There’s a central irony in surfing. The simple disconnect between actor and action, as Ryan Lynch sees it, comes down to the boards that we take surfing. “It’s the only sport on the planet where you are literally immersed in nature, submerged in a foreign ecosystem—passing through kelp forests and swimming with otters between waves—yet surfers ride these toxic nightmares,” says Lynch, blunt with his distaste for cheap foam surfboards. “The products that take us into this environment are some of the biggest contributors for killing it.”
In early 2018, after six years as an engineer at Tesla, Lynch was burnt out. “We worked in ‘dog years,’ just like a startup,” he recalls. “Everything was fast and furious. I learned a lot, like optimizing production flow and building for a service.” But realizing the need to work for himself, Lynch built a small tow-behind trailer, convinced his newlywed wife that they needed a honeymoon, and headed south. For six months they meandered on back roads and remote beaches all the way to Panama. Lynch then planned to return to Santa Cruz, CA, and start a business that aligned with his passions—combining woodworking, sustainability, and design with the sport he loved, surfing.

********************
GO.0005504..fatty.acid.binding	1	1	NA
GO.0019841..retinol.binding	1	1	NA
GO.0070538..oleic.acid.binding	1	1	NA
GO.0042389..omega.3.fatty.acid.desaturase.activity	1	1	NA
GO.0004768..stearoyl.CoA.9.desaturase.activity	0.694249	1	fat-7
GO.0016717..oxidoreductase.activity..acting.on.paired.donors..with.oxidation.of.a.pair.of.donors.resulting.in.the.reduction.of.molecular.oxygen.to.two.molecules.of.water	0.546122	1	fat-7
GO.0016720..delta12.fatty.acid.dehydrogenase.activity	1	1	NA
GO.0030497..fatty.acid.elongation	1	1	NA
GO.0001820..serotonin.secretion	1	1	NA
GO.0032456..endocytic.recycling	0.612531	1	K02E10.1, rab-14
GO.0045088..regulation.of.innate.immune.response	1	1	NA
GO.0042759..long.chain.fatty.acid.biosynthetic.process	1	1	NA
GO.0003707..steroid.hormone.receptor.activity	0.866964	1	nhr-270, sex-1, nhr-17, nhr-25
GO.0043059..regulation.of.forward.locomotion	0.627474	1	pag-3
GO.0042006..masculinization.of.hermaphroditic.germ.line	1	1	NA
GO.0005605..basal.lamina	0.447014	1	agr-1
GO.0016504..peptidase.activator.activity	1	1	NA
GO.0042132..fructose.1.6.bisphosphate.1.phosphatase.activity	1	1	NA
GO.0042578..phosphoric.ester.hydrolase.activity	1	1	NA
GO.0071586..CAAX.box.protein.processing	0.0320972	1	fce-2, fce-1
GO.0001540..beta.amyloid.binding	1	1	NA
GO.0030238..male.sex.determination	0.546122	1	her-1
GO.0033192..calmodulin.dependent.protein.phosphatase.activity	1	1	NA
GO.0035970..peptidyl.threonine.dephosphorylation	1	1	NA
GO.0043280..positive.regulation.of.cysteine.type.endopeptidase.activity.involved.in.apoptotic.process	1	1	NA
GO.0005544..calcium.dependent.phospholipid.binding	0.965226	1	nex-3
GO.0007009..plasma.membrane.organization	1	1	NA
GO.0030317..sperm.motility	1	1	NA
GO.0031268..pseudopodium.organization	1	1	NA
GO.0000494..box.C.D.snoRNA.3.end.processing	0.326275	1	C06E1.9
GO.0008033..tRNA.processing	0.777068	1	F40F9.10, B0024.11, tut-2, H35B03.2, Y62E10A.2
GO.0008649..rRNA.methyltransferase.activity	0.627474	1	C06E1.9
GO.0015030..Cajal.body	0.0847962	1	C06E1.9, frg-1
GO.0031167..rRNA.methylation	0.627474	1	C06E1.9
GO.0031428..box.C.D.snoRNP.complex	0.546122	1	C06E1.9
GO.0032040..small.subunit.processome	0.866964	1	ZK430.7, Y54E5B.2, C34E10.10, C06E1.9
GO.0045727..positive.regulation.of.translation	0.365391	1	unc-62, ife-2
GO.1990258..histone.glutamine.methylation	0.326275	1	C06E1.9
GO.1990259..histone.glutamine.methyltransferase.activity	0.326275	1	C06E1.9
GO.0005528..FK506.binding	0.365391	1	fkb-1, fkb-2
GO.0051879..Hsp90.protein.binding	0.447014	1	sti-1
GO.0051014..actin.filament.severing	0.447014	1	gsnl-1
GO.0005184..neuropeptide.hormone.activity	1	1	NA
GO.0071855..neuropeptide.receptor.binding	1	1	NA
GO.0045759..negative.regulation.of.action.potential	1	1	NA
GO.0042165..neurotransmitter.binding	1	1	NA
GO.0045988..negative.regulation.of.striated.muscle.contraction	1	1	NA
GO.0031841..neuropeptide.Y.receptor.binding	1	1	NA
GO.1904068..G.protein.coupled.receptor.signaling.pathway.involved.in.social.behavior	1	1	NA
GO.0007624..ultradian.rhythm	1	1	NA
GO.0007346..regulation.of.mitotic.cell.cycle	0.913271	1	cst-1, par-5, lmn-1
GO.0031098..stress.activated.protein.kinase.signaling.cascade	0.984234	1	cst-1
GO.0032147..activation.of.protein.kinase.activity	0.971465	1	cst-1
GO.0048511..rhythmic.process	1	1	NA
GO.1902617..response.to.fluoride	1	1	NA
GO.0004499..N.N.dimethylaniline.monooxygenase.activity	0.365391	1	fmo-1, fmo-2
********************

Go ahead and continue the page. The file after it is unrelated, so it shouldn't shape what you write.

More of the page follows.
“The surf industry started exclusively with wooden boards, but at a certain point the idea of a good product became something that was cheap, repeatable, and consumable,” Lynch explains of surfboards’ evolution to mass-production, utilizing a petroleum-derived base, namely polyurethane foam, and more recently expanded polystyrene foam. “Add to that a few layers of fiberglass, polyester, or epoxy resin and the product becomes a chemical mess that’s leaching micro-plastics into the ocean with every use.”
Lynch went the other way, “making eco-friendly boards that didn’t cost a fortune.” To do that, he looked at the entire process—finding the right suppliers, cutting down on waste, using better materials, and creating a product that would last. “When you do all of the math on a product’s impact, the biggest variable is durability. Most surfers replace their main board every two to three years. Making boards that will last a lifetime has been a goal from the start.” In late 2018, Lynch launched his company, Timber Surf Co.